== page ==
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VH-ODI final report

Old 20th May 2020, 06:25
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VH-ODI final report

https://www.atsb.gov.au/publications...r/ao-2018-080/

What happened

On 8 December 2018, a Desert-Air Safaris Beech Aircraft Corporation B200, registered VH-ODI operated a charter flight from Adelaide Airport to Mount Gambier Airport, South Australia with a pilot and seven passengers on board. One of the passengers held a commercial pilot licence and acted in an observer role from the right flight deck seat, but was not a member of the flight crew.

During the landing at Mount Gambier, the aircraft touched down with the landing gear retracted, with the propellers contacting the runway twice before the pilot initiated a go‑around. During the go-around, the left engine failed. The aircraft then landed without further incident.

What the ATSB found

The ATSB found that upon reaching the minimum descent altitude for an approach to Runway 18 at Mount Gambier, the pilot had not yet obtained visual reference with the runway. He therefore commenced a go-around and retracted the landing gear. After retracting the landing gear, the pilot sighted the runway and decided to continue the approach, but inadvertently did not re-extend the landing gear.

During the continued approach, the pilot likely did not detect the retracted landing gear due to an expectation that it was already extended. This was possibly also compounded by the now‑increased workload.

Further, the ATSB found that the pilot’s decision to conduct a go-around after the wheels-up landing stemmed from his misunderstanding of the situation, and an assessment that a runway overrun was imminent.

Safety message

This accident highlights the hazards of spontaneous decision-making, particularly during a high‑workload phase of flight in a complex aircraft. The Civil Aviation Safety Authority Resource booklet and video Decision Making provides the following tips to improve the quality of decision making, mitigate the possibility of errors and ensure a considered approach in resolving issues or problems:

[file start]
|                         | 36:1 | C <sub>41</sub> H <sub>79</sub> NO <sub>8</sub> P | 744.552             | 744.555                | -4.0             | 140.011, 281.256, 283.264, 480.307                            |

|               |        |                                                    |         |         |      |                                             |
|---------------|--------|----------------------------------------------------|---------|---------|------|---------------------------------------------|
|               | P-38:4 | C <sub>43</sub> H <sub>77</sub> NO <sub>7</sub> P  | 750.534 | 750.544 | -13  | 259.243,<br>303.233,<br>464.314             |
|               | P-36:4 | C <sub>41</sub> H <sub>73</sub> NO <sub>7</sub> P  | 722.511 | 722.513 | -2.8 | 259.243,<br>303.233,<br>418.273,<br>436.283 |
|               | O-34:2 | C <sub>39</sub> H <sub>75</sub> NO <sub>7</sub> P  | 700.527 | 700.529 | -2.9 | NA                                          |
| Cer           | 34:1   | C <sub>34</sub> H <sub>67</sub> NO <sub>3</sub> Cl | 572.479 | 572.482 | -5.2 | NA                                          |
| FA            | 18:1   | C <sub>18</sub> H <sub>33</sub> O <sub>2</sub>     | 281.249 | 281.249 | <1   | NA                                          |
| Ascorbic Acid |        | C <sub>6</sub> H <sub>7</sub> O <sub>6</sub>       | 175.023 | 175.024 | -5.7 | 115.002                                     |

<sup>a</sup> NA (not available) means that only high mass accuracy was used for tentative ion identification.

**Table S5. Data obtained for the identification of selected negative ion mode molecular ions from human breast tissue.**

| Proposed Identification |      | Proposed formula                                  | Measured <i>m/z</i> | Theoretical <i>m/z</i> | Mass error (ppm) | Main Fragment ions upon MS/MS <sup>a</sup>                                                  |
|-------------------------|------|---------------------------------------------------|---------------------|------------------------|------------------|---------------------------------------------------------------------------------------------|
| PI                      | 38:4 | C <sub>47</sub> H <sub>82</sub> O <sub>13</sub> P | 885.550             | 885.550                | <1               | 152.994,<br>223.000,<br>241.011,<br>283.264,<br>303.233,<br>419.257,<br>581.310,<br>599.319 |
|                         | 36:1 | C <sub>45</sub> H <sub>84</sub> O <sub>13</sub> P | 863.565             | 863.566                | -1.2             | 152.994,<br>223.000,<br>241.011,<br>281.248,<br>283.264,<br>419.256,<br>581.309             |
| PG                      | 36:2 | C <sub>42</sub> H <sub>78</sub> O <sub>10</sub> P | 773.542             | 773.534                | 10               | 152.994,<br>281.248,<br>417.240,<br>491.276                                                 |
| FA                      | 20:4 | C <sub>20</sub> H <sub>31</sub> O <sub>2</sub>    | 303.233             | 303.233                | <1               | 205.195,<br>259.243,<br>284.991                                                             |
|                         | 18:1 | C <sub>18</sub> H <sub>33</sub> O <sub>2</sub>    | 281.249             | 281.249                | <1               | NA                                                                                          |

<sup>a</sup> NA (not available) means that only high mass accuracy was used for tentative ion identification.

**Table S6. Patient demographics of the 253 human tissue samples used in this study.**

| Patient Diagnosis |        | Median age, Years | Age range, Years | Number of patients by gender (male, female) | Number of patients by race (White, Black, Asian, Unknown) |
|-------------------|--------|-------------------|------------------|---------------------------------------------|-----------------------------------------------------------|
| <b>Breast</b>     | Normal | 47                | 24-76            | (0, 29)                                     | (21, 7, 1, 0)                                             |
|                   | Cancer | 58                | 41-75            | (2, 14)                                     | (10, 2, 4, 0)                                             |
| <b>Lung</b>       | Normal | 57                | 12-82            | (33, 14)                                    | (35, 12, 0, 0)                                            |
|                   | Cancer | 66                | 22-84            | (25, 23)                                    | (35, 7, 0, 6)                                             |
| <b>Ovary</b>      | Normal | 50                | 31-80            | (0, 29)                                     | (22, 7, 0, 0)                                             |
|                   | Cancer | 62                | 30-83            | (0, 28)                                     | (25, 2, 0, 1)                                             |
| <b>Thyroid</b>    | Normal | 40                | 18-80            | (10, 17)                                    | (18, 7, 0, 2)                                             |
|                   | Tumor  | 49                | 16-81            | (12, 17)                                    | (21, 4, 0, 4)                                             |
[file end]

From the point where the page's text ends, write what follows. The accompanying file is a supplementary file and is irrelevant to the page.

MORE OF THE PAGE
• You cannot improvise a good decision, you must prepare for it. You will make a better and timelier final decision if you have considered all options in advance. This is why good briefings are important.
  • Use decision-making aids—operational checklists—to ensure you have not forgotten anything important.
  • Always have reserve capacity for reacting to unexpected events.
  • Delegate your load to other team members (if multi-crew) when time is critical.
  • Keep the big picture in mind rather than focusing on one aspect of a problem.
Desert Flower is offline  
Old 20th May 2020, 10:56
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Join Date: Sep 2018
Location: Melbourne
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Wondered what happened to that final report! Seems almost scene fiction to get away wth that!
ive got a couple of hrs on the 200, they are bulletproof, well almost!
machtuk is offline  
Old 20th May 2020, 12:27
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Join Date: Jan 2013
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Two points come to mind from this report:

- Once the decision has been made to go around/missed approach it shouldn’t be changed. Saving an approach from the MDA/MAP (or after) and still making a stable approach is rarely possible. Cut your losses and go back for another careful try.

- After a missed approach, with each subsequent approach pilots tend to take more risks, rush, cut corners and make more mistakes. Each time you make another approach you the more likely you are to make a mistake. This tendency should be front of mind when conducting a missed approach and intending to try again.

These things can happen to us all, regardless of experience.
Hamley is offline  
Old 20th May 2020, 12:46
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Join Date: Sep 2018
Location: Melbourne
Posts: 675
Originally Posted by Hamley View Post
Two points come to mind from this report:

- Once the decision has been made to go around/missed approach it shouldn’t be changed. Saving an approach from the MDA/MAP (or after) and still making a stable approach is rarely possible. Cut your losses and go back for another careful try.

- After a missed approach, with each subsequent approach pilots tend to take more risks, rush, cut corners and make more mistakes. Each time you make another approach you the more likely you are to make a mistake. This tendency should be front of mind when conducting a missed approach and intending to try again.

These things can happen to us all, regardless of experience.
thats all pretty obvious to a responsible pilot BUT there will always be one single Unknown, one variable.....the human element!
machtuk is offline  

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